This thesis advances knowledge and understanding of the sedimentology of deep-water continental slopes by providing a comprehensive, multi-scale analysis of the evolution of slope deposits through time. Continental slopes are complex environments, which are inherently depositionally heterogeneous. Recent technological advances in remote sensing and direct sediment sampling techniques have resulted in numerous detailed studies of slope sediments. However, previous investigations rarely bridge the gap between deep-penetration seismic-reflection surveys and ultra high-resolution seafloor studies. The four chapters of this thesis present new data at multiple resolutions on the detailed evolution, distribution, and stratigraphic architecture of deep-water slope deposits in order to better understand specific sedimentation processes. Direct observation and sampling of deep-water sediment gravity flows is difficult due to their low recurrence interval and destructive nature; therefore, inferences of processes are commonly made from sediment-gravity flow deposits, experiments, and models. Such inferences lead to a variety of interpretations, resulting in the need to integrate datasets at multiple resolutions in an attempt to generate more precise conclusions. In order to address this issue, this study incorporates bed-scale characterization and subsequent forward-seismic modeling of outcrops in Chile, interpretation of high-resolution 3D seismic-reflection data from Nigeria, and ultra high-resolution 2D and 3D seismic-reflection data with analysis of seafloor sediment cores from Canada.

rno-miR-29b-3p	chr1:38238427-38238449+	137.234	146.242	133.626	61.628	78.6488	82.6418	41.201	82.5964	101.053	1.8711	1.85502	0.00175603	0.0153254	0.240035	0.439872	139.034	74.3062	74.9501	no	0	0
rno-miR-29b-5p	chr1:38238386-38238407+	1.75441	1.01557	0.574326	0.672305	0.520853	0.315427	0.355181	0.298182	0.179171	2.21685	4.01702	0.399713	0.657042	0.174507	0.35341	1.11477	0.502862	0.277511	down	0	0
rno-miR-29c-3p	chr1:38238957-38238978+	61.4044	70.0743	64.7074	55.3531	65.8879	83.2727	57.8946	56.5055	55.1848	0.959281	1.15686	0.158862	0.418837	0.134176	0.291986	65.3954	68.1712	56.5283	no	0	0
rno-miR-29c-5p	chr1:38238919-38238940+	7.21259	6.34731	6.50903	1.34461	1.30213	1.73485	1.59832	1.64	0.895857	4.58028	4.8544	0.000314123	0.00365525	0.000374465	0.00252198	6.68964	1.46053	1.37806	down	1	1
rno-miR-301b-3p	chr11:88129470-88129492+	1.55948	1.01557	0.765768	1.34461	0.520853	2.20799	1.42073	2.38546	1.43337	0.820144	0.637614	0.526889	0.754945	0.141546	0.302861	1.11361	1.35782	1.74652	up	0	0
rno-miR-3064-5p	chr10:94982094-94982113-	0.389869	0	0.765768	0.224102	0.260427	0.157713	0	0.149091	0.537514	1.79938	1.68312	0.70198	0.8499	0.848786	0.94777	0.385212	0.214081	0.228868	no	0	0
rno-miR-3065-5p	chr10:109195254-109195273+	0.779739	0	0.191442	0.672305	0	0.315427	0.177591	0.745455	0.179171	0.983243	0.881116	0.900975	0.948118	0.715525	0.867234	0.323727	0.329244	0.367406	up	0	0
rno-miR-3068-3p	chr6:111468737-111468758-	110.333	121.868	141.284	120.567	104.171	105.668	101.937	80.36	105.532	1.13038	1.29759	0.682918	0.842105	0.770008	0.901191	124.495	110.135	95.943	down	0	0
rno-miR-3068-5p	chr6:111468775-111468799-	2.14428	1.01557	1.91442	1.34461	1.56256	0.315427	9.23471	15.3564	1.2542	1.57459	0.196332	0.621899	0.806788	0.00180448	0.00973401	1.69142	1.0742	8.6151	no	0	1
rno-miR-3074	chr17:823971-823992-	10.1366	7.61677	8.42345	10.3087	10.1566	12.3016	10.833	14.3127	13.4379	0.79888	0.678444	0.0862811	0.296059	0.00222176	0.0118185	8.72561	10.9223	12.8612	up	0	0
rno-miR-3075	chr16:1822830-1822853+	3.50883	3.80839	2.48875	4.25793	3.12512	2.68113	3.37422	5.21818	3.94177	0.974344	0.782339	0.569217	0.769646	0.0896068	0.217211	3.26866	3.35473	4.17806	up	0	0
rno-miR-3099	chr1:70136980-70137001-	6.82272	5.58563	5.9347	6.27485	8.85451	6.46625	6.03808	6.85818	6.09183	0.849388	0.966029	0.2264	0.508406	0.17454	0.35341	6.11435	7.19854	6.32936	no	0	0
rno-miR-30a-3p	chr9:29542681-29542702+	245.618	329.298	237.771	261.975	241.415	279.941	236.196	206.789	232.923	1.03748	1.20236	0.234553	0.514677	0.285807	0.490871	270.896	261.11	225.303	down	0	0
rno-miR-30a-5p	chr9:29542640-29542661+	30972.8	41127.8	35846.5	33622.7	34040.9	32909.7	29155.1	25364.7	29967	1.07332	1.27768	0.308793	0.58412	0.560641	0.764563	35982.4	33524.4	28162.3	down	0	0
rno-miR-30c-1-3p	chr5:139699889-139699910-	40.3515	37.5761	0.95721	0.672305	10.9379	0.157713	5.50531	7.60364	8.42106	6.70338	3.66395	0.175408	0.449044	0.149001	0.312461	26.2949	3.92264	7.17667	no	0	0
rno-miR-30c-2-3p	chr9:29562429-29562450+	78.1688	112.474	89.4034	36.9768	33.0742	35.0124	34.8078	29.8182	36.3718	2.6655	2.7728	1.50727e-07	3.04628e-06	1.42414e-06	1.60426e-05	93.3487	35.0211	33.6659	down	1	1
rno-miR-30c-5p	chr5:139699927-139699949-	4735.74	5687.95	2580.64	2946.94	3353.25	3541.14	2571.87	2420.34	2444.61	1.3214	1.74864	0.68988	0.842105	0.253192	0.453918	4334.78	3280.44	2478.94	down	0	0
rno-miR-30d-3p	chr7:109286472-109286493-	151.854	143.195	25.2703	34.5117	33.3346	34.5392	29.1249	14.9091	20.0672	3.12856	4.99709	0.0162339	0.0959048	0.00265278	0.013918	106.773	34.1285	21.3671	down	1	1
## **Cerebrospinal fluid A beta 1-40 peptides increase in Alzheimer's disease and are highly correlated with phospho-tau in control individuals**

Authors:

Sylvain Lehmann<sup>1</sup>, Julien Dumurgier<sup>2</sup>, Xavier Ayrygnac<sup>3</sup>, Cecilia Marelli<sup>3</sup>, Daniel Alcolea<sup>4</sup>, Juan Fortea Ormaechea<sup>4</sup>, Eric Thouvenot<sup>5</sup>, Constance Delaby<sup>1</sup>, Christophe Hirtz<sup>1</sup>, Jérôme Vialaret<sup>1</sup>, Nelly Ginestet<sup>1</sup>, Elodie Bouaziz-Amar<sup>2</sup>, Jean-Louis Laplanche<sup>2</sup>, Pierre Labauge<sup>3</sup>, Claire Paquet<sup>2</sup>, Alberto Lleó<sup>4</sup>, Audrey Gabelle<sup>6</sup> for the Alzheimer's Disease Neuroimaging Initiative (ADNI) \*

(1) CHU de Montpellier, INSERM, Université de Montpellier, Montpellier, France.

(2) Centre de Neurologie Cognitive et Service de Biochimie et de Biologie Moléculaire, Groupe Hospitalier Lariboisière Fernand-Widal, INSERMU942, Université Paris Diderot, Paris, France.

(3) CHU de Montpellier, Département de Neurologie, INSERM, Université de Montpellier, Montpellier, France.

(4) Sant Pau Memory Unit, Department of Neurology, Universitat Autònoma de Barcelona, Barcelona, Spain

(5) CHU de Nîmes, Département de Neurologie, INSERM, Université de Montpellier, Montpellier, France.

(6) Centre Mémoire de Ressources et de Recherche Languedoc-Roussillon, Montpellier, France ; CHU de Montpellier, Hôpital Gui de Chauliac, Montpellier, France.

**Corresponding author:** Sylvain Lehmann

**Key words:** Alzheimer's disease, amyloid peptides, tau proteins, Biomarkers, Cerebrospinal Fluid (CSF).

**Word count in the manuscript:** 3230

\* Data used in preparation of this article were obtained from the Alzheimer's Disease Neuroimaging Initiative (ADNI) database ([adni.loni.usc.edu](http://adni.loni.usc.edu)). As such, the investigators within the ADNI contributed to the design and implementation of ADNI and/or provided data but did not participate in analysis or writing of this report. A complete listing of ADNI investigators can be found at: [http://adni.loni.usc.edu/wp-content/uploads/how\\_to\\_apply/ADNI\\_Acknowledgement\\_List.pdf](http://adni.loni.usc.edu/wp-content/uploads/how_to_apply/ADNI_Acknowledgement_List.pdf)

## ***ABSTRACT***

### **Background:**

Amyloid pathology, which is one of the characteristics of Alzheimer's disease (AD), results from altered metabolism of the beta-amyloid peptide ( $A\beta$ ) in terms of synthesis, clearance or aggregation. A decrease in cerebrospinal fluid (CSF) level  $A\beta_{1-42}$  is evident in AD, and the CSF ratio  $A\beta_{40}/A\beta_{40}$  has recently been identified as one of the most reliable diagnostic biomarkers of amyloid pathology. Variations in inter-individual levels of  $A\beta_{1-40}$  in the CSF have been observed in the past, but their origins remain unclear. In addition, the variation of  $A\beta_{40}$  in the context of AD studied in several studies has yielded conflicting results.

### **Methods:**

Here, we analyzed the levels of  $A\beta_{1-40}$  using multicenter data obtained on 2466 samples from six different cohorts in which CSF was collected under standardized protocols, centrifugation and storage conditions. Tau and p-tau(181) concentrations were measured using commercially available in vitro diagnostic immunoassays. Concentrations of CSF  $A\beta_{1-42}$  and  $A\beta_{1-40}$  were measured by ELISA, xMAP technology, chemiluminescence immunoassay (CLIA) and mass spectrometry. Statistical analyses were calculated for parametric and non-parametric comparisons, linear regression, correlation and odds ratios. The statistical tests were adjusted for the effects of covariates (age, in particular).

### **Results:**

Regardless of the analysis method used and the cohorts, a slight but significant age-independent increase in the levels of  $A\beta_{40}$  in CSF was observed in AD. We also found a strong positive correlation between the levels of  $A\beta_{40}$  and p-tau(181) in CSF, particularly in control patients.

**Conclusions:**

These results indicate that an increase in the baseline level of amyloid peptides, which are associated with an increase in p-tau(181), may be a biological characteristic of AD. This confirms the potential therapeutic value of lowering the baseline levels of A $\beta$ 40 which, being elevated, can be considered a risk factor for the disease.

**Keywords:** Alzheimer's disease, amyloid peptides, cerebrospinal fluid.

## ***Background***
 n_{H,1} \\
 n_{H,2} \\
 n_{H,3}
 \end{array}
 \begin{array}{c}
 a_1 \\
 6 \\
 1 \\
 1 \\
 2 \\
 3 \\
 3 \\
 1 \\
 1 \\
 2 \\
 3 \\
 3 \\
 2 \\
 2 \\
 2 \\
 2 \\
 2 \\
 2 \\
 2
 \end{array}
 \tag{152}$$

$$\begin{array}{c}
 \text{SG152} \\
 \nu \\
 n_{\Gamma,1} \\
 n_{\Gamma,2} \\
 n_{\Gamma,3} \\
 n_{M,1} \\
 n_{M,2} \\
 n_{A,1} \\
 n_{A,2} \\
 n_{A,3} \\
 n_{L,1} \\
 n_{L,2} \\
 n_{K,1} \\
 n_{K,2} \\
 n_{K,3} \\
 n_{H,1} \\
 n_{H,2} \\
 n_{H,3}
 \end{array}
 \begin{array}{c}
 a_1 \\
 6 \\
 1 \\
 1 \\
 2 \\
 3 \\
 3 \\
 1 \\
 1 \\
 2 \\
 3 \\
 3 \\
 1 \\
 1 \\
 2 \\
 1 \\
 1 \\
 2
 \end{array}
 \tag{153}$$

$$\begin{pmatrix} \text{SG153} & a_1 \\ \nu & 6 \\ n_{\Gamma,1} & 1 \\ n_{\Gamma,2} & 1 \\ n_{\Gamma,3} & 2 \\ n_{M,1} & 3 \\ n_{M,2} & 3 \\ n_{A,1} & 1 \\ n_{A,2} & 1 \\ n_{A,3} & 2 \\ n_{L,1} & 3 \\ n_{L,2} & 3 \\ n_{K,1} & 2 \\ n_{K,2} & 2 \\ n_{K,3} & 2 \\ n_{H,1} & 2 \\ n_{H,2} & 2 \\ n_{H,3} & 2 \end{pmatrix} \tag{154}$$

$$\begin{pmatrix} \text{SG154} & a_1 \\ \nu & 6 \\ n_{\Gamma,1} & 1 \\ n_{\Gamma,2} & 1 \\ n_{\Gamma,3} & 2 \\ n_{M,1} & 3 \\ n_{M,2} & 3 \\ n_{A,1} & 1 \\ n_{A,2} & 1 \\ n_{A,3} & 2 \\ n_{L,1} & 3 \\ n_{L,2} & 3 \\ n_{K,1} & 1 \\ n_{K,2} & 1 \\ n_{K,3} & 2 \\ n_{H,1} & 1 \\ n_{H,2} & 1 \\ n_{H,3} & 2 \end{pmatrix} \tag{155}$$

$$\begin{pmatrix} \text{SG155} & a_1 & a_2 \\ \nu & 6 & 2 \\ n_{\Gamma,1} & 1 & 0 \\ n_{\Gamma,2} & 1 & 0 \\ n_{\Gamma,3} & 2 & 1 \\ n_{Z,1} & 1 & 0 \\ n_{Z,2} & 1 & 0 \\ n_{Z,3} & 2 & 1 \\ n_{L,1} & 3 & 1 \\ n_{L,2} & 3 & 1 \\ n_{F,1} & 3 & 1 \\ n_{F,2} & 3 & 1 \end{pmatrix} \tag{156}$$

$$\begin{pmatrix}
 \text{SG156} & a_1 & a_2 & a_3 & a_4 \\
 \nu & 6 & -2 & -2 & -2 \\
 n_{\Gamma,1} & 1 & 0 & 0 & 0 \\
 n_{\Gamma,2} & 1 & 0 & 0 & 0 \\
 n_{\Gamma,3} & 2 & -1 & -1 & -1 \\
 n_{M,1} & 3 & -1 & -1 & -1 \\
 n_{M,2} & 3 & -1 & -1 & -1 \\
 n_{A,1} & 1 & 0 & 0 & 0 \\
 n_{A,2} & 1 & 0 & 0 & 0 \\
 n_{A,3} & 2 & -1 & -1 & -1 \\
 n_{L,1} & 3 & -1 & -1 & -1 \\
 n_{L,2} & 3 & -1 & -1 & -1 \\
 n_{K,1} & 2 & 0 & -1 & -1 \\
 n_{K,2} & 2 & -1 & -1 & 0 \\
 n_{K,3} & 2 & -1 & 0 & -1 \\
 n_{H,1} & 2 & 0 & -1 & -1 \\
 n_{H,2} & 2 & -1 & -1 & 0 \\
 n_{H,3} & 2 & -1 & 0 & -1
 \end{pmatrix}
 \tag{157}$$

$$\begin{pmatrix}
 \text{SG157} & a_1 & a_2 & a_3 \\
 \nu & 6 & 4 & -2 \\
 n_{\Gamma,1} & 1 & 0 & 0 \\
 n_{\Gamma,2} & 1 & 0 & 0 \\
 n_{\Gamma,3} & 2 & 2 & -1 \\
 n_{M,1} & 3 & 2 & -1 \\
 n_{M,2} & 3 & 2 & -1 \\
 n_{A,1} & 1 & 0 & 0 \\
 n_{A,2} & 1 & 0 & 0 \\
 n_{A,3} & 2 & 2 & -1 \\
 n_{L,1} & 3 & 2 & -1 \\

Chapter 1 is a 3D seismic-reflection based study of channel systems on the seafloor and in the shallow subsurface of the Niger Delta continental slope. The objectives were to document the chronology of channel avulsions and the evolution of channel-fill through time, in order to better understand how, why, and where submarine channels avulse.
Chapter 2 presents results of a multi-scale analysis of the stratigraphic architecture of sedimentary deposits on the southwest Grand Banks of Newfoundland, Canada.
The slope in the study area is deeply dissected by canyons and partitioned by steep, narrow ridges. The latter are common features of glacially influenced margins, but their mode of formation is not well understood. An objective of this study was to identify the predominant sedimentary processes responsible for the depositional geometries and the facies observed on this part of the continental margin, and the mechanisms responsible for creating those processes. Results from this study can be applied to other glacially influenced margins to explain the formation of similar features.
Chapter 3 is a detailed outcrop study of the depositional architecture of the Cretaceous Tres Pasos Formation of the Ultima Esperanza District, Chile. The primary goal of this study was to document the influence of the mass-transport deposits (MTDs) on the subsequent evolution of the sandstone architecture. A model of MTD surface topography, delineating the different scales observed at the outcrop, is presented in this chapter and can be applied to analogous MTD-dominated deep-water slope environments, from relatively high-resolution ancient outcrops to lower-resolution seismic-reflection-based studies.
Chapter 4 complements chapter 3 and presents a synthetic seismic-reflection model of the Sierra Contreras, which serves as a useful analogue to similar depositional environments in the subsurface. The purpose of this chapter is to demonstrate effective application of outcrop studies to the interpretation of subsurface seismic-reflection data. A precise lithological model was created from the outcrop observations presented in chapter 3, from which synthetic seismic-reflection profiles were generated at various resolutions. (Abstract shortened by UMI.)